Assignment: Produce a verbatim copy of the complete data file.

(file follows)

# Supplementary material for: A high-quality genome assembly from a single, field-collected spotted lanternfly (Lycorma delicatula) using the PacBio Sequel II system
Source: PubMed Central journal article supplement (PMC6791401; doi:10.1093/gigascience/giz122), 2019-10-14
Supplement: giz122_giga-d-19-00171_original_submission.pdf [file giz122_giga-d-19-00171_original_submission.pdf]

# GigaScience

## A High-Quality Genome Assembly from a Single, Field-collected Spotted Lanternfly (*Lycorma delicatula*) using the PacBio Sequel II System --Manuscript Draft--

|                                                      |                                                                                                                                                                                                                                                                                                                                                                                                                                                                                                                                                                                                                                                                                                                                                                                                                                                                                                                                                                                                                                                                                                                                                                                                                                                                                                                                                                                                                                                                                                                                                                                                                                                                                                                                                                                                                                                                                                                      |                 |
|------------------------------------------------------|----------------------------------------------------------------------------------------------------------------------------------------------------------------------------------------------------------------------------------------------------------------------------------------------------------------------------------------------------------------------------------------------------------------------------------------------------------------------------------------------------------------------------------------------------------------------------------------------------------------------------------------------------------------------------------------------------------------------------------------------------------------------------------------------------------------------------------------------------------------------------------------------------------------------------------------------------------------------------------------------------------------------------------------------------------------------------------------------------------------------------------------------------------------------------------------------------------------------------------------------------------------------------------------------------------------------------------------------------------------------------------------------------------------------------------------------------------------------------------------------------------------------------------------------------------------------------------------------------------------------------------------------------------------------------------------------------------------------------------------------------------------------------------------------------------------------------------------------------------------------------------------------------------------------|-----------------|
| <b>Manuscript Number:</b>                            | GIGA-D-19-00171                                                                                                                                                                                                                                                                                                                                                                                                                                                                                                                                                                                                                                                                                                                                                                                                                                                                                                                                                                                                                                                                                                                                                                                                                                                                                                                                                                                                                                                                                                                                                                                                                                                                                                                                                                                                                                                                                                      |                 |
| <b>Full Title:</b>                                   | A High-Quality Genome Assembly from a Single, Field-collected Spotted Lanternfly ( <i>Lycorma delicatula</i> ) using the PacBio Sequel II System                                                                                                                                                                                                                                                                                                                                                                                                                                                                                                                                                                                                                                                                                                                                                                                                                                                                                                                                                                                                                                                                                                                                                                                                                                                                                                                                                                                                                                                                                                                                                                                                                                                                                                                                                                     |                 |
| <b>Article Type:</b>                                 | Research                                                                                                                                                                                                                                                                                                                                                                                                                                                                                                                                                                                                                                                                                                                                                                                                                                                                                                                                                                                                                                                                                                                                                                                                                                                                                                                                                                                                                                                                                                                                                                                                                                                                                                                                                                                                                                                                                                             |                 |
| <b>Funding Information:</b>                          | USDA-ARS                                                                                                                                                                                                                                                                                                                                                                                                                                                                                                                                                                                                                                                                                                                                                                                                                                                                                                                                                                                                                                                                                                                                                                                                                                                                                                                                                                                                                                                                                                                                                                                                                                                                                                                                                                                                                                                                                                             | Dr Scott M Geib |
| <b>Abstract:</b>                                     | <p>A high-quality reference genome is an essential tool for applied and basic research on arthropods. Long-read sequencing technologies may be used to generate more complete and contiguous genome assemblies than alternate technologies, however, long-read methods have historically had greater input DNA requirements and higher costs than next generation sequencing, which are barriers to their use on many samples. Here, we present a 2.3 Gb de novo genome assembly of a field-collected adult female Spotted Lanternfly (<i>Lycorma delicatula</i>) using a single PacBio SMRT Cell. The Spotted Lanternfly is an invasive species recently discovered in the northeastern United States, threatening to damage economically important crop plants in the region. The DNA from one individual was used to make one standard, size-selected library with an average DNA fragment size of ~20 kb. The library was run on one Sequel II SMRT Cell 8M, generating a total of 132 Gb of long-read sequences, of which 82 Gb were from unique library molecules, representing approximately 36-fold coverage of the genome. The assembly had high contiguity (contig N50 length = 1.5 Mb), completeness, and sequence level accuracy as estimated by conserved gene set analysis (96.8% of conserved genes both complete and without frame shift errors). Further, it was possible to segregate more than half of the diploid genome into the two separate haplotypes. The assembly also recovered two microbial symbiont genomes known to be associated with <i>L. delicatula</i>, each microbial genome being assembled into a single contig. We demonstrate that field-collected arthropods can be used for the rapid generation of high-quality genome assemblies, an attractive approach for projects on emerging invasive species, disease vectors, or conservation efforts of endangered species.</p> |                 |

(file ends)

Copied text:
# Supplementary material for: A high-quality genome assembly from a single, field-collected spotted lanternfly (Lycorma delicatula) using the PacBio Sequel II system
Source: PubMed Central journal article supplement (PMC6791401; doi:10.1093/gigascience/giz122), 2019-10-14
Supplement: giz122_giga-d-19-00171_original_submission.pdf [file giz122_giga-d-19-00171_original_submission.pdf]

# GigaScience

## A High-Quality Genome Assembly from a Single, Field-collected Spotted Lanternfly (*Lycorma delicatula*) using the PacBio Sequel II System --Manuscript Draft--

|                                                      |                                                                                                                                                                                                                                                                                                                                                                                                                                                                                                                                                                                                                                                                                                                                                                                                                                                                                                                                                                                                                                                                                                                                                                                                                                                                                                                                                                                                                                                                                                                                                                                                                                                                                                                                                                                                                                                                                                                      |                 |
|------------------------------------------------------|----------------------------------------------------------------------------------------------------------------------------------------------------------------------------------------------------------------------------------------------------------------------------------------------------------------------------------------------------------------------------------------------------------------------------------------------------------------------------------------------------------------------------------------------------------------------------------------------------------------------------------------------------------------------------------------------------------------------------------------------------------------------------------------------------------------------------------------------------------------------------------------------------------------------------------------------------------------------------------------------------------------------------------------------------------------------------------------------------------------------------------------------------------------------------------------------------------------------------------------------------------------------------------------------------------------------------------------------------------------------------------------------------------------------------------------------------------------------------------------------------------------------------------------------------------------------------------------------------------------------------------------------------------------------------------------------------------------------------------------------------------------------------------------------------------------------------------------------------------------------------------------------------------------------|-----------------|
| <b>Manuscript Number:</b>                            | GIGA-D-19-00171                                                                                                                                                                                                                                                                                                                                                                                                                                                                                                                                                                                                                                                                                                                                                                                                                                                                                                                                                                                                                                                                                                                                                                                                                                                                                                                                                                                                                                                                                                                                                                                                                                                                                                                                                                                                                                                                                                      |                 |
| <b>Full Title:</b>                                   | A High-Quality Genome Assembly from a Single, Field-collected Spotted Lanternfly ( <i>Lycorma delicatula</i> ) using the PacBio Sequel II System                                                                                                                                                                                                                                                                                                                                                                                                                                                                                                                                                                                                                                                                                                                                                                                                                                                                                                                                                                                                                                                                                                                                                                                                                                                                                                                                                                                                                                                                                                                                                                                                                                                                                                                                                                     |                 |
| <b>Article Type:</b>                                 | Research                                                                                                                                                                                                                                                                                                                                                                                                                                                                                                                                                                                                                                                                                                                                                                                                                                                                                                                                                                                                                                                                                                                                                                                                                                                                                                                                                                                                                                                                                                                                                                                                                                                                                                                                                                                                                                                                                                             |                 |
| <b>Funding Information:</b>                          | USDA-ARS                                                                                                                                                                                                                                                                                                                                                                                                                                                                                                                                                                                                                                                                                                                                                                                                                                                                                                                                                                                                                                                                                                                                                                                                                                                                                                                                                                                                                                                                                                                                                                                                                                                                                                                                                                                                                                                                                                             | Dr Scott M Geib |
| <b>Abstract:</b>                                     | <p>A high-quality reference genome is an essential tool for applied and basic research on arthropods. Long-read sequencing technologies may be used to generate more complete and contiguous genome assemblies than alternate technologies, however, long-read methods have historically had greater input DNA requirements and higher costs than next generation sequencing, which are barriers to their use on many samples. Here, we present a 2.3 Gb de novo genome assembly of a field-collected adult female Spotted Lanternfly (<i>Lycorma delicatula</i>) using a single PacBio SMRT Cell. The Spotted Lanternfly is an invasive species recently discovered in the northeastern United States, threatening to damage economically important crop plants in the region. The DNA from one individual was used to make one standard, size-selected library with an average DNA fragment size of ~20 kb. The library was run on one Sequel II SMRT Cell 8M, generating a total of 132 Gb of long-read sequences, of which 82 Gb were from unique library molecules, representing approximately 36-fold coverage of the genome. The assembly had high contiguity (contig N50 length = 1.5 Mb), completeness, and sequence level accuracy as estimated by conserved gene set analysis (96.8% of conserved genes both complete and without frame shift errors). Further, it was possible to segregate more than half of the diploid genome into the two separate haplotypes. The assembly also recovered two microbial symbiont genomes known to be associated with <i>L. delicatula</i>, each microbial genome being assembled into a single contig. We demonstrate that field-collected arthropods can be used for the rapid generation of high-quality genome assemblies, an attractive approach for projects on emerging invasive species, disease vectors, or conservation efforts of endangered species.</p> |                 |